23 April 2019

Gel lymph node

Johns Hopkins University researchers have developed a specialized hydrogel that simulates the structure of the lymph node and ensures the successful activation and reproduction of immune cells specific to malignant tumors.


T-lymphocytes develop in a transparent gel.

In recent years, researchers have been actively developing methods for the use of T-lymphocytes in cancer therapy. For successful treatment, such lymphocytes need to be "trained" to recognize the molecular markers of malignant cells and respond to them. Usually, the training of T-lifmocytes occurs in the lymph nodes – small bean-shaped glands scattered throughout the body. However, in patients with malignant tumors and diseases of the immune system, this learning process is either disrupted or does not occur at all.

To date, to compensate for this defect, T-lymphocytes are isolated from the patient's blood and injected back after genetic modification or activation of cells in the laboratory, after which they begin to recognize the molecular labels of cancer cells.

One type of such therapy, known as CAR-T therapy, is very expensive and is available only in specialized centers with specially equipped laboratories. In addition, it requires 6-8 weeks of cultivation of T-lymphocytes, and after administration to the patient, the cells live very short, which causes the short-term effects of therapy.

The technology developed by the authors can help in solving this problem. Their work was based on the belief that the environment is very important for the proper activation of T-lymphocytes. For a more realistic reproduction of the microenvironment of T-lymphocytes, the researchers used a gel-like polymer, on the surface of which two compounds were applied that stimulate the activation of these cells.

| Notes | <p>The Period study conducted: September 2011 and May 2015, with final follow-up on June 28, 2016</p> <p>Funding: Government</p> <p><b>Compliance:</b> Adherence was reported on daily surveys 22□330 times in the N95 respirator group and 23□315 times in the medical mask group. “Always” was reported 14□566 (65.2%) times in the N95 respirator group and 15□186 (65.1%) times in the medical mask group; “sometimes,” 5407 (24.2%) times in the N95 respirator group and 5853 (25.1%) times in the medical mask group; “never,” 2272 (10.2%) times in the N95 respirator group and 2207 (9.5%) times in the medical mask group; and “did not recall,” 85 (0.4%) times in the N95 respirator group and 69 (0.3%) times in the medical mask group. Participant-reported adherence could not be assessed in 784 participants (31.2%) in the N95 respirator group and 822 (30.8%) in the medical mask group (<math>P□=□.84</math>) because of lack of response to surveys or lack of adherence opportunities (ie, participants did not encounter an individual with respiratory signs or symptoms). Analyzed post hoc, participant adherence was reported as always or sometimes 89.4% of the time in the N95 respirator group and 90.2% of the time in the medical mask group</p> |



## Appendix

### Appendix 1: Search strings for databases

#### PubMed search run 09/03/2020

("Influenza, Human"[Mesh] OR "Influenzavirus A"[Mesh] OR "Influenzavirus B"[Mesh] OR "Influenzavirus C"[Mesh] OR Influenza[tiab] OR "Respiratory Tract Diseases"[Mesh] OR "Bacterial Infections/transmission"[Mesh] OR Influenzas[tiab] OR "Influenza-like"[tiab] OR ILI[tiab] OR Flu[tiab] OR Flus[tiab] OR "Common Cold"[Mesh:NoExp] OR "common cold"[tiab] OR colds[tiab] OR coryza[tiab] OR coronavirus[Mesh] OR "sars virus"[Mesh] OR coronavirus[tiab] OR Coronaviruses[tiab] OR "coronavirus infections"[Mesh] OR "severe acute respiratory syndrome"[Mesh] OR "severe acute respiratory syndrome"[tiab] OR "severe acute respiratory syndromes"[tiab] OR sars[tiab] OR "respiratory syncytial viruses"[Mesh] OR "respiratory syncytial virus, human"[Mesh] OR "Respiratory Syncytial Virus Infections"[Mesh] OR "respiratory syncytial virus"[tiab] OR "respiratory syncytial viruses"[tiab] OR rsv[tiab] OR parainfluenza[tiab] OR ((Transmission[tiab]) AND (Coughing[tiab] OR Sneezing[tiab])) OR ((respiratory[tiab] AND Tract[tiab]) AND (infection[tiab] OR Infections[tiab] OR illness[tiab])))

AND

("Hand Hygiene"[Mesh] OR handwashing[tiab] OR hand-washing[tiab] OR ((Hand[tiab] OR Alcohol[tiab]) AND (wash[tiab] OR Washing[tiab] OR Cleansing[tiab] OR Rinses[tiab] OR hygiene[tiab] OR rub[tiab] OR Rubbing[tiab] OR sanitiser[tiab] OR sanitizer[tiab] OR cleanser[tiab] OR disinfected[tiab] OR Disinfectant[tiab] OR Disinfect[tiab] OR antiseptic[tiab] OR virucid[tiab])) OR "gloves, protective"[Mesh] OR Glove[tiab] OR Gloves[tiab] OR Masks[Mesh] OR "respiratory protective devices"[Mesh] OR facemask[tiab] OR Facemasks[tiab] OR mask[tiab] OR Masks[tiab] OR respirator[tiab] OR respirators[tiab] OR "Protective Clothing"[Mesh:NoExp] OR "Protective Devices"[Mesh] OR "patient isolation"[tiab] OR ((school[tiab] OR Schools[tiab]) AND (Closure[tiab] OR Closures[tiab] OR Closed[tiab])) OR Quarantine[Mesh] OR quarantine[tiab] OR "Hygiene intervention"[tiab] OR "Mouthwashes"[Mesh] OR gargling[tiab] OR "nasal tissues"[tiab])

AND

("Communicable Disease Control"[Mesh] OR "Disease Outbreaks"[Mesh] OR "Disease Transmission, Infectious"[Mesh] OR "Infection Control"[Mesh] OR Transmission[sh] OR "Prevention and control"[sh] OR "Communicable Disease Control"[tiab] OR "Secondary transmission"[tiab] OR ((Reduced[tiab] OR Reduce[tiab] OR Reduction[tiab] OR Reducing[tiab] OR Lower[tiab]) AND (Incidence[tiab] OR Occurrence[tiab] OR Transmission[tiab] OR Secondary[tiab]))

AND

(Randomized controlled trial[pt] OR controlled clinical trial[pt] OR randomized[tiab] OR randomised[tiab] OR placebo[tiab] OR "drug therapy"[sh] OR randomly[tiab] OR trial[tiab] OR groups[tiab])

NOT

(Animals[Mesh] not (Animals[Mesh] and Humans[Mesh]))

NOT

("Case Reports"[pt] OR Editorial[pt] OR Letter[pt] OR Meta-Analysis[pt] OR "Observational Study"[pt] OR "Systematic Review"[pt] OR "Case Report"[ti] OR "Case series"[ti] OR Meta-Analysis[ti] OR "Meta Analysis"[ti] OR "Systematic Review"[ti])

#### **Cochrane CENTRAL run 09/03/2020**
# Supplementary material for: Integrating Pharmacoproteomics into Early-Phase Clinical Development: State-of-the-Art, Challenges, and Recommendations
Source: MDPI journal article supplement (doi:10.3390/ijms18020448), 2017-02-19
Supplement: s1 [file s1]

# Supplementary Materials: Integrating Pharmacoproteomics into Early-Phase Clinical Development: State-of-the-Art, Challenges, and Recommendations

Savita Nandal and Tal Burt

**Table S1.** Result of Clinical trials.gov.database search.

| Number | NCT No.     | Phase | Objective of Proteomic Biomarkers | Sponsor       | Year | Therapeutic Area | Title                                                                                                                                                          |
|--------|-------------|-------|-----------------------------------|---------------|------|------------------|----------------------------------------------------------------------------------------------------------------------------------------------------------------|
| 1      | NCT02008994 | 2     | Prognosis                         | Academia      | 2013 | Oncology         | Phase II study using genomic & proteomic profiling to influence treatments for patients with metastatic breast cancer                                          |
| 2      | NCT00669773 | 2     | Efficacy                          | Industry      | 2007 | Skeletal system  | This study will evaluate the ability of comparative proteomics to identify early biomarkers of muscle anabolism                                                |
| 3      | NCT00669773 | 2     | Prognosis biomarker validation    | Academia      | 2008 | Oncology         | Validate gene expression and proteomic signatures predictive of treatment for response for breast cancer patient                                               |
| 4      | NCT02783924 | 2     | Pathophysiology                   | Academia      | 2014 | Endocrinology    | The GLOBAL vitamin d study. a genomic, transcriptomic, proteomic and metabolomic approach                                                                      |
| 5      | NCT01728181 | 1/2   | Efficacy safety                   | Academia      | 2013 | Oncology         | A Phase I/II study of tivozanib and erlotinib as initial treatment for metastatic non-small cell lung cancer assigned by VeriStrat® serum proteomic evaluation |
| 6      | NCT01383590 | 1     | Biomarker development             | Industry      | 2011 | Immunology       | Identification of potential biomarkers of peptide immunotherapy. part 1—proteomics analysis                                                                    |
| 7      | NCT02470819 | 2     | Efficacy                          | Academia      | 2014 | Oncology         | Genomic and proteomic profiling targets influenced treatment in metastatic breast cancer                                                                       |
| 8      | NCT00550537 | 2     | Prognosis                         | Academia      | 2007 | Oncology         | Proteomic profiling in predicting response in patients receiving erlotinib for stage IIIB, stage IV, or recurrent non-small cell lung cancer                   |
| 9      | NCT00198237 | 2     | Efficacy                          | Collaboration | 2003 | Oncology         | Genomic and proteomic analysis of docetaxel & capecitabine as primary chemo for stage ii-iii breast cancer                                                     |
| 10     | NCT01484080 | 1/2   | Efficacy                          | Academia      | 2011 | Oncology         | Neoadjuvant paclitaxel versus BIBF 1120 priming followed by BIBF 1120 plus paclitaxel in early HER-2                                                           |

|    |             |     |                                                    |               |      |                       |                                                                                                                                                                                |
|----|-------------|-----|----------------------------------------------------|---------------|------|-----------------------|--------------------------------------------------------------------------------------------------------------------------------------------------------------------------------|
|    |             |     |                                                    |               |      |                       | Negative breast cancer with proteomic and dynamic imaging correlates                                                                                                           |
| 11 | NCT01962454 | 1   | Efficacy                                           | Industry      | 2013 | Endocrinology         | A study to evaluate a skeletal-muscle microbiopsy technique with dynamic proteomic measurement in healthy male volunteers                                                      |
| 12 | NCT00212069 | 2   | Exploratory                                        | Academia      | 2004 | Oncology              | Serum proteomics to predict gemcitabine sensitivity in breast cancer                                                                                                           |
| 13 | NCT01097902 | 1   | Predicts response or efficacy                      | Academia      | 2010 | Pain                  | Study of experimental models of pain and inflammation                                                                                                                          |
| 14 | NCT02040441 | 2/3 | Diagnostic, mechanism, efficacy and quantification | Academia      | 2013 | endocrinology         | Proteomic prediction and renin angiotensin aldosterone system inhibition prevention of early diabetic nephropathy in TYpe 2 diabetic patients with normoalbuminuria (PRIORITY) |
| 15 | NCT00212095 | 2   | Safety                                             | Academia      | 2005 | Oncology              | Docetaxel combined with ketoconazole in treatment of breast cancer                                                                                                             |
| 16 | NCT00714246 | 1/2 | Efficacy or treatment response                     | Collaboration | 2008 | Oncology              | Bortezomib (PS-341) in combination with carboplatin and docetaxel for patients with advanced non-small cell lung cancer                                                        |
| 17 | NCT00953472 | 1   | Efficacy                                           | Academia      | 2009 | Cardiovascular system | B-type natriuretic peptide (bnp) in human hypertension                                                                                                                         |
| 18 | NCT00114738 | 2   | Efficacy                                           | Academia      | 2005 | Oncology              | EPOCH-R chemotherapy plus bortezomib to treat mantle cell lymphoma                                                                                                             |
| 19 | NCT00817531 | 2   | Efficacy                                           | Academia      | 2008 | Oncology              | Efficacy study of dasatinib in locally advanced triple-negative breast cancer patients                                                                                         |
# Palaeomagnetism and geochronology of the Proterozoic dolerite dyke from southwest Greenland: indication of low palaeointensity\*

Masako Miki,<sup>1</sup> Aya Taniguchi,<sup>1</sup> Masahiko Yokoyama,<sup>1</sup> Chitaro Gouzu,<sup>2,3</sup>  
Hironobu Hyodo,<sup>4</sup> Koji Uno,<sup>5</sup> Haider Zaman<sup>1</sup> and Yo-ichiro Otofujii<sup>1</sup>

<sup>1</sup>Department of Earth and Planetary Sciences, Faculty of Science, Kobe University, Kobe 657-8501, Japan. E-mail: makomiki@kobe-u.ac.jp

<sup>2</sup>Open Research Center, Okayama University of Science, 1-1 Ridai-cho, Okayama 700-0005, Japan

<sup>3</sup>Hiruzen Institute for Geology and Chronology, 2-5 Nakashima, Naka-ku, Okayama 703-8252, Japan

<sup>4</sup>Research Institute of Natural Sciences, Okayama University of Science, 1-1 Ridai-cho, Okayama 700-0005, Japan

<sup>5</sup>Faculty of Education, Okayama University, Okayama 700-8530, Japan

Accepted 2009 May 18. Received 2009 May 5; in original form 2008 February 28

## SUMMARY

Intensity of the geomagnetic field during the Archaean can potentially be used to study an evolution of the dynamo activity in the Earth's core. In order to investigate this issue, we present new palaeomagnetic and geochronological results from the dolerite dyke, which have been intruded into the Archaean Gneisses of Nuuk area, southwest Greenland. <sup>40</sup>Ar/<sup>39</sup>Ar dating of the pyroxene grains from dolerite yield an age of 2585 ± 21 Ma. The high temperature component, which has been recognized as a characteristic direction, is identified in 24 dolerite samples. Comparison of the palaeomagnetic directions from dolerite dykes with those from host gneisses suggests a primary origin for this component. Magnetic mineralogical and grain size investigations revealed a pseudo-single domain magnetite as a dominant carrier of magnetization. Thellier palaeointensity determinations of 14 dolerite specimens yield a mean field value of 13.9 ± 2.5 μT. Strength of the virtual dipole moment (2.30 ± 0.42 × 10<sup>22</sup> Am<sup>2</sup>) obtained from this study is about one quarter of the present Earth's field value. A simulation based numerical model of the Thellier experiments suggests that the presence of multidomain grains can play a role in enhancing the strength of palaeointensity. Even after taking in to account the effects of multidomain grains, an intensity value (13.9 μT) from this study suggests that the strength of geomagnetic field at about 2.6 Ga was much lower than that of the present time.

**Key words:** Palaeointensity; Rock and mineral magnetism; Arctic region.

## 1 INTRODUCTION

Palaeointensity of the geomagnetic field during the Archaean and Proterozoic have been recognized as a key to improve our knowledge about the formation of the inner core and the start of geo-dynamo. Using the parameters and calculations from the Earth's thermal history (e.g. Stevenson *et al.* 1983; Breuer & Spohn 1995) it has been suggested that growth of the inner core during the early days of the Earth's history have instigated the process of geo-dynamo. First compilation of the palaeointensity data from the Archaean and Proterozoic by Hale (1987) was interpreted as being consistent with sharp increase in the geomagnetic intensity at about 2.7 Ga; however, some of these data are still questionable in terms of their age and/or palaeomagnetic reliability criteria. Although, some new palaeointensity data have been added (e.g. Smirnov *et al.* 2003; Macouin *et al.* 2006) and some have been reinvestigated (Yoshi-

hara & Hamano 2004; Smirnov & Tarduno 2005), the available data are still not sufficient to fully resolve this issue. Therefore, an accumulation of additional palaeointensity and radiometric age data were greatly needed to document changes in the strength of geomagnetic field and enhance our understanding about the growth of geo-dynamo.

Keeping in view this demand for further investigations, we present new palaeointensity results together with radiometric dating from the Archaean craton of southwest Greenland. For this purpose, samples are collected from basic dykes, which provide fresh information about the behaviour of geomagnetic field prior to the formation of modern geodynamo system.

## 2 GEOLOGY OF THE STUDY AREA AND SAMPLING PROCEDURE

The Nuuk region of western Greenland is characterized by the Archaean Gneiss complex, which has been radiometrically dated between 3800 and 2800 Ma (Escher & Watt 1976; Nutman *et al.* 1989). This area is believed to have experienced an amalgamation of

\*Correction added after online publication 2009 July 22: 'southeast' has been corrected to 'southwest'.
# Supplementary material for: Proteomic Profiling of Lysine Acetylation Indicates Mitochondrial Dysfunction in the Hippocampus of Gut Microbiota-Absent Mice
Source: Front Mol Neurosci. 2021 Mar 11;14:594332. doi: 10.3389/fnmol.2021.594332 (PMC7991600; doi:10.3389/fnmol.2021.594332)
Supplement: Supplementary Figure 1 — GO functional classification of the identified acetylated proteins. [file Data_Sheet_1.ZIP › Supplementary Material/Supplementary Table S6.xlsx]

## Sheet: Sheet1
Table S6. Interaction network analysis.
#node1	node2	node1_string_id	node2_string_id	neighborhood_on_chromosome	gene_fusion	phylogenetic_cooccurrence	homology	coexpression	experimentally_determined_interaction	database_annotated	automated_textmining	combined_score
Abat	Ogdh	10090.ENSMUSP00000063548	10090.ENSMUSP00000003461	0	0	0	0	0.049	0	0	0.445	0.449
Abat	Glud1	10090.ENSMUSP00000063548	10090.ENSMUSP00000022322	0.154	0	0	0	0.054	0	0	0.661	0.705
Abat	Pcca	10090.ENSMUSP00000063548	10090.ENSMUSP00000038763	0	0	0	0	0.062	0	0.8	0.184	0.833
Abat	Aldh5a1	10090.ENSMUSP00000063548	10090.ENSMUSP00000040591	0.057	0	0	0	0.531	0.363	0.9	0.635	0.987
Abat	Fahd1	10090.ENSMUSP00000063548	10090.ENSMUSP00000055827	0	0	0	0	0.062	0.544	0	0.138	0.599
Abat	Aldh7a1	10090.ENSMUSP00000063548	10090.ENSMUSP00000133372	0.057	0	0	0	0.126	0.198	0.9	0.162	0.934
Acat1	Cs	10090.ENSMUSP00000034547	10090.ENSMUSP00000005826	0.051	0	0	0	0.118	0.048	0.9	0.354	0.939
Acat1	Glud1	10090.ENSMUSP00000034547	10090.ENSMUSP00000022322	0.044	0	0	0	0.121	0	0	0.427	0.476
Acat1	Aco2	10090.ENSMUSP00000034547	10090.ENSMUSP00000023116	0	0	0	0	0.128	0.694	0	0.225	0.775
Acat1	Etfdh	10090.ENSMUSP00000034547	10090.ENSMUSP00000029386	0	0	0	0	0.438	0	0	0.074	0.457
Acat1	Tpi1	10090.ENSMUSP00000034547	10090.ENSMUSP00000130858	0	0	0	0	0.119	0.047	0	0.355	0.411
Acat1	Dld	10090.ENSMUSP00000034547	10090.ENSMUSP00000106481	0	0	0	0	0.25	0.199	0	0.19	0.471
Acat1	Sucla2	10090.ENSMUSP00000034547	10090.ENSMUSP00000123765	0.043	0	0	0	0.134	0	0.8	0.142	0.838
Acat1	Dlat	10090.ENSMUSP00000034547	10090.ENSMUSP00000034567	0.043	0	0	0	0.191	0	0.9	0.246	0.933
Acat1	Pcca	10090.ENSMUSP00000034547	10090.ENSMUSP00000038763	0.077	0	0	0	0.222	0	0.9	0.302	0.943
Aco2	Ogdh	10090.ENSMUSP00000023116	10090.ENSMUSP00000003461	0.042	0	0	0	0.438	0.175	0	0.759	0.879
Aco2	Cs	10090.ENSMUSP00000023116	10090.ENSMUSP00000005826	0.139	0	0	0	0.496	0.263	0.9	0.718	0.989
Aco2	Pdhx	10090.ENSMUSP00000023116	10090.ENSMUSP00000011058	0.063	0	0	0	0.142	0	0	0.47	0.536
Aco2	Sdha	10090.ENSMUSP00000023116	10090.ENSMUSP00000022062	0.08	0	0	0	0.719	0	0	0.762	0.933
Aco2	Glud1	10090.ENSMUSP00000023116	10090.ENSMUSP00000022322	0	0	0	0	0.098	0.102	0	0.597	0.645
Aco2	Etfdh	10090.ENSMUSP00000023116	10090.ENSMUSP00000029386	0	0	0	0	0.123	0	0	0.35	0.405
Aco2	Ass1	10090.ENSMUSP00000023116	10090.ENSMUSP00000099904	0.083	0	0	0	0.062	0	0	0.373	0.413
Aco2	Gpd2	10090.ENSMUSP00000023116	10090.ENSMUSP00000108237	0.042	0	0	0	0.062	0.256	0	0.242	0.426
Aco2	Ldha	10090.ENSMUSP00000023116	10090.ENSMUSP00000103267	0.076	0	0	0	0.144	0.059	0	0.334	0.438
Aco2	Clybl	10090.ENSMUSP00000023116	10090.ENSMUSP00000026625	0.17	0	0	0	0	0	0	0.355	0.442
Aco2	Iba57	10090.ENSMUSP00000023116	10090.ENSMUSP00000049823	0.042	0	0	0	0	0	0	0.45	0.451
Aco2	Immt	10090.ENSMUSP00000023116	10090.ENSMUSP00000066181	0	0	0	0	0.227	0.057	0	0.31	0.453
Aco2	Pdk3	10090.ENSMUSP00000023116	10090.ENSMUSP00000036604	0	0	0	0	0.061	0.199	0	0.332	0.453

During the experiments, hydrogel-activated T lymphocytes produced 50% more cytokines indicating their activation than cells cultured in plastic Petri dishes.

Also, as part of the work, the authors tested a whole range of hydrogels with different densities, ranging from very soft, corresponding to the interaction of lymphocytes with single cells, and ending with a very dense, simulating a lymph node densely packed with cells. Unexpectedly for them, it turned out that T-lymphocytes prefer a softer environment, in which about 80% of cells were divided. At the same time, on the densest hydrogel, T-lifocytes stopped dividing altogether.

When cultured on a soft hydrogel after 7 days, several cells formed a population of about 150,000 T-lymphocytes, which is enough for antitumor therapy. For comparison, traditional cultivation methods make it possible to obtain no more than 20,000 T-lymphocytes from a similar number in a 7-day period.

At the next stage of the work, the researchers injected T-lymphocytes modified on soft hydrogel and in Petri dishes to mice with implanted melanomas. Tumors of mice injected with hydrogel-cultured T lymphocytes did not increase in size, and some mice lived for more than 40 days. At the same time, in most animals that were injected with T-lymphocytes cultured in Petri dishes, tumors continued to grow, and none of them lived more than 30 days.

According to the authors, eventually they hope, by improving the hydrogel and reproducing important parameters of the natural microenvironment, including chemical growth factors and other signals, to learn how to create artificial lymph nodes for regenerative immune therapy of malignant diseases.

Article by John W. Hickey et al. Engineering an Artificial T-Cell Stimulating Matrix for Immunotherapy is published in the journal Advanced Materials.

Evgenia Ryabtseva, portal "Eternal Youth" http://vechnayamolodost.ru based on Johns Hopkins Medicine: Scientists Advance Creation of 'Artificial Lymph Node' to Fight Cancer, Other Diseases.

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